Tuesday, October 29, 2013


This is Book 11. Click here for the Bradt Cousins' review of Book One.

Stephanie Bradt: It’s that time of year again. Another chapter of Jacky Faber’s adventures has been released and it is time for yours truly to lambast, um, I mean, review it. I realize that my reviews are more like diatribes, so I will try to be a little nicer this time around.
I’ll start by just getting it out of the way. As always, there is no point to this book and nothing happens. With that being said, I’ll just list random moments that made me say, as Jacky does, “hmmmm."
I still love the ever-present historical references. Sure, at times they are random and far-fetched, but these books are really what got me into historical fiction again. As long as you mentally prepare yourself for randomness and do not take it too seriously, then it’s all good. 
    • I really liked all the talk of the different fire companies and how they competed over being able to put out a fire so they could make money. This also alluded to the history of insurance, which today is still called “fire” insurance when referring to the protection of buildings and property. As someone who briefly worked rating commercial insurance policies, I enjoyed and appreciated the reference.
    • Two people were caught having sex outside. (Of course. This is a children's book, after all). In Othello, Shakespeare writes a euphemism for having sex, calling it “making the beast with two backs.”
    • People sing La Bamba. I loved seeing the lyrics all written out. I never knew that it was actually a folk song before it was adapted into the 1950s song that most people know. I looked it up and it has maritime origins. Cool beans. I am really interested in the history of this song now.
I love that Jacky basically acknowledges that she is not that hot and sexy and irresistible after all. She mentions that as soon as he saw Clarissa Worthington Howe, Flaco Jimenez (yes, he is back) forgot about Jacky. Likewise, Randall dumped Jacky for Polly Von while Richard Allen likes this chick named Sidrah better than Jacky. Just as I’ve always said—Jacky is only a bombshell when she has no competition. On the other hand, I do enjoy the story of Amy and Ezra and I would like to see more of them. I think it is because Amy and Ezra have more of a gradual and (extremely) slow-burning romance that is a little more pure and sincere, a little less neurotic.

Also, I love the Easter eggs I discover in these books. They make me feel smart. This time, I noticed that the Mrs. Shinn in the book seems an awful lot like the Mrs. Shinn in The Music Man. Hmmmm.

This book's featured side in Jacky’s love dodecagon: There wasn't really anyone new, per se. A lot of the old lovers kind of came and went
My favorite new character:
 No one? I guess there were a few new characters, but no one was really important. So I'll say YAY, LIAM DELANEY CAME BACK! I love the Irish people. 

Tuesday, September 24, 2013


Jordan Bradt: I discovered another great find from the library’s used bookroom: FLASH FIRE by Caroline B. Cooney.  I liked the look of it because I usually enjoy her books, but the cover also hooked me.  Fire licks at the sidelines while a boy and girl run down the center of a road.  The curly-haired boy has his backpack and his camera.  The girl carries a shirt, a school binder, a kitten, and a trophy.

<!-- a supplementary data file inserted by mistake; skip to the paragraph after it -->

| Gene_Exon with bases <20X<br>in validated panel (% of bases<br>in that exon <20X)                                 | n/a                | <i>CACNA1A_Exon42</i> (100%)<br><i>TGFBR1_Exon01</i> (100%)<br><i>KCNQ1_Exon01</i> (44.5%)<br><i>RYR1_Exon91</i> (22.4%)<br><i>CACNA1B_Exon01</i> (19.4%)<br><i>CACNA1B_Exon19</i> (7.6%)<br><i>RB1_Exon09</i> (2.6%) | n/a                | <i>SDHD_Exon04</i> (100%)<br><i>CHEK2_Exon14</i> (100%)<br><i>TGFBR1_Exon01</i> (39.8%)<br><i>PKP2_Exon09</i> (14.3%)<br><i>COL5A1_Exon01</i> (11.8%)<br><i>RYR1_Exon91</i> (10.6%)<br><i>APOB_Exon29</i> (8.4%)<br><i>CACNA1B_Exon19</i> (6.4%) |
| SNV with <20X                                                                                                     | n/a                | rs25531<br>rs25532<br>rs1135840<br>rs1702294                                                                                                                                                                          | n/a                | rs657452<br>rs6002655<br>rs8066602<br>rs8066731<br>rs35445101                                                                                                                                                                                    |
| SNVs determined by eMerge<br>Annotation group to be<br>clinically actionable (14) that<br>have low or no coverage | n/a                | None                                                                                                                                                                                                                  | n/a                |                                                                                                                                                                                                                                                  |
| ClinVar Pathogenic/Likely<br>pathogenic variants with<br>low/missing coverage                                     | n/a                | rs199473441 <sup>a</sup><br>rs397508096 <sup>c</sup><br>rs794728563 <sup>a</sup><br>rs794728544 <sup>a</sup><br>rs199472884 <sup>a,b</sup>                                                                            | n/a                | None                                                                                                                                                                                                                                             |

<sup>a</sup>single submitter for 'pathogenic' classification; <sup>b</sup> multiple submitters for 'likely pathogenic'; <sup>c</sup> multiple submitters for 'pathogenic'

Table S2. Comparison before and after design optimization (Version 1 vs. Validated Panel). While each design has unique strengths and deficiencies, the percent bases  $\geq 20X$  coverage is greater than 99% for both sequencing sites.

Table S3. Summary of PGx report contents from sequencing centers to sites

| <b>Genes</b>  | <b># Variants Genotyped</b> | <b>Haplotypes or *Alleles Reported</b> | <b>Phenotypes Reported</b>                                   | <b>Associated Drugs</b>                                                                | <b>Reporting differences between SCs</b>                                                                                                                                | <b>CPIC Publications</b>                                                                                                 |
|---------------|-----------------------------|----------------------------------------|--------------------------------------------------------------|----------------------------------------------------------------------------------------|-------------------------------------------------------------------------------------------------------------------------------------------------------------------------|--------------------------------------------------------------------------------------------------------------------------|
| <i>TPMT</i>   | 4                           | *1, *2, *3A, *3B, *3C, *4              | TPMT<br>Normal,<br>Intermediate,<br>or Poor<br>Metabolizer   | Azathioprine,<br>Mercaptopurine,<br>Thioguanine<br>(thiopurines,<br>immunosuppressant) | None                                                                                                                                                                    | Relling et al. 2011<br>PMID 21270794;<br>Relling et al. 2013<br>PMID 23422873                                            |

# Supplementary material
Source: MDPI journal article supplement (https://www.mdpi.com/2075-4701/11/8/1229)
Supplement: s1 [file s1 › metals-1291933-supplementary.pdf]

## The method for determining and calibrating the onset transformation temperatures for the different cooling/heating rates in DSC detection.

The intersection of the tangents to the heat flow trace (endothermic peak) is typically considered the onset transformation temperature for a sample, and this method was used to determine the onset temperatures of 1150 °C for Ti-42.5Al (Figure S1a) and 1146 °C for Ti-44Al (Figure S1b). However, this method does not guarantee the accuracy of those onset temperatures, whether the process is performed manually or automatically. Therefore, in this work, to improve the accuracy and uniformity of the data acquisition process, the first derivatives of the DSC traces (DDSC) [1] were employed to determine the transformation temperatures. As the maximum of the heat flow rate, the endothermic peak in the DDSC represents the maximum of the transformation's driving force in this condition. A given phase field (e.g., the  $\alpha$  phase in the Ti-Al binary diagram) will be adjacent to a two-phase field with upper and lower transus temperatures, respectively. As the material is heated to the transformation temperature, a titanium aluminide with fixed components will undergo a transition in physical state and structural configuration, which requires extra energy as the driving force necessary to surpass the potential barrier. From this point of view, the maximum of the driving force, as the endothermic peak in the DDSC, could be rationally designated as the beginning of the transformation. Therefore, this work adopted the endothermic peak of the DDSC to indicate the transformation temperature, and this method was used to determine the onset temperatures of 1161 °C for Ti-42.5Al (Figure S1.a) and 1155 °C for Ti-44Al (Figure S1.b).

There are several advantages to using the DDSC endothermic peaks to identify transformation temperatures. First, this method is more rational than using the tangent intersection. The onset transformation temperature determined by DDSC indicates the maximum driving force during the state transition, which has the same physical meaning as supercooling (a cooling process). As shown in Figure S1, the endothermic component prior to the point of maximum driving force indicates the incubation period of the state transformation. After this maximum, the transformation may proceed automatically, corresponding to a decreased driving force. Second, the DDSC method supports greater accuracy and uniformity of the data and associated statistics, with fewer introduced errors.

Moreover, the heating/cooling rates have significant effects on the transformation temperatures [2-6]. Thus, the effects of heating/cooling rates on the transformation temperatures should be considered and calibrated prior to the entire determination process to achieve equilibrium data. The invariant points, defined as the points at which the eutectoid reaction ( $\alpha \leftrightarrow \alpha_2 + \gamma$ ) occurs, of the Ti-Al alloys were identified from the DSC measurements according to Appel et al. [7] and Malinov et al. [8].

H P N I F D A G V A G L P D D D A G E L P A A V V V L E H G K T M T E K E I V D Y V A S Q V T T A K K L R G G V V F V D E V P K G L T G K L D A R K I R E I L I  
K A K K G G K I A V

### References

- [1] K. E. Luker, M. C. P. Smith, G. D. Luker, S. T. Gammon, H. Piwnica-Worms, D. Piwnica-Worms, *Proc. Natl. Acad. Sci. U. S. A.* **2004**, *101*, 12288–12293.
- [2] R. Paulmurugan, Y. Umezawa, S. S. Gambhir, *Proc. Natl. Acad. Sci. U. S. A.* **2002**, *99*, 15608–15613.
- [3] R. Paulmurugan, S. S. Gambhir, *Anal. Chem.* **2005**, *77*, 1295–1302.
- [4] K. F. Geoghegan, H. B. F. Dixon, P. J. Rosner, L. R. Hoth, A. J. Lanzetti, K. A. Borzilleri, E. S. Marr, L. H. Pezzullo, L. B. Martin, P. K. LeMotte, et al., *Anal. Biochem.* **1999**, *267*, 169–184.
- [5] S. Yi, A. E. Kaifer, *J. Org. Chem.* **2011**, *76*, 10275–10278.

As soon as I started reading this book, I knew I would have to share it with you.  California is the setting; the book’s copyright is 1995, so I assume it takes place then.  They mention email, and I don’t remember having email back then, but I was seven, so I liked dolls more than sending electronic mail. 

Danna is young girl living in a ritzy neighborhood.  Parts of Los Angeles, a different area than hers, are on fire.  Danna is safe, but she wants excitement, so she wishes for the fire.  She wants to ride her cats out to safety.  Yes, I think that’s what the confusing paragraph stated.  Then, there’s her brother, Hall, who is out swimming even though the ashes in the air make it hard to breathe.  I bet that’s good for his lungs.  Their parents are screenwriters, but Hall wants to help mentally/psychologically damaged children.  He’s afraid that career won’t be appropriate.  Right now he’s helping the neighbors’ four-year-old “son,” a little boy adopted from overseas.  He doesn’t react to things well, so his new family dislikes him.  They also have issues with the nanny, who ignores him to run off with the family money and cars.  They also have a maid who sold herself to get to America and smokes a lot.  Continuing through the neighborhood, we meet Beau and his little sister, Elisabeth.  Her mother is horrified by everything about her and constantly makes fun of her.  Beau is pretty unmemorable, apart from craving attention from his dad.  Oh, and then there is the son who’s ashes are kept in a box on the mantle (I think.  They’re somewhere in the house haunting the living half-brother).  We also meet (as if we don’t have enough characters to keep track of) a disgruntled guard who leaves his post without caring if the gate opens, the fire itself, and tourists who want to watch the “big” houses burn.  I actually enjoyed getting into the fire’s “mind” because it was a different perspective than in most stories.

Spoiler alert: Although it was a little slow in coming – most of the story is set up for when Danna’s neighborhood burns – eventually the fire does reach them.  The maid, Elony, grabs the “damaged” little boy.  Beau and Elisabeth escape in a car.  Danna saves the horses, but breaks her leg, so Hall carries her and her box of kittens.  Beau and Elisabeth appear in their car, so Danna and Hall get in, along with Elony and little Geoffrey – and the kittens, of course, who get loose and scatter around the car.  Beau realizes he can’t leave his brother’s ashes behind, so he flees from the car to go back into the mansion.  Hall is forced to drive away to save everyone else, even though Elisabeth panics.  Eventually, Elisabeth recovers enough that she and Elony pray for Beau, and she wants one of the kittens.  The author expertly describes Beau’s thought process as he dies of smoke inhalation.  She also describes how his house melts around him.  Yeah, he doesn’t make it.  Beau had been my favorite of the characters because he’d seemed the realest.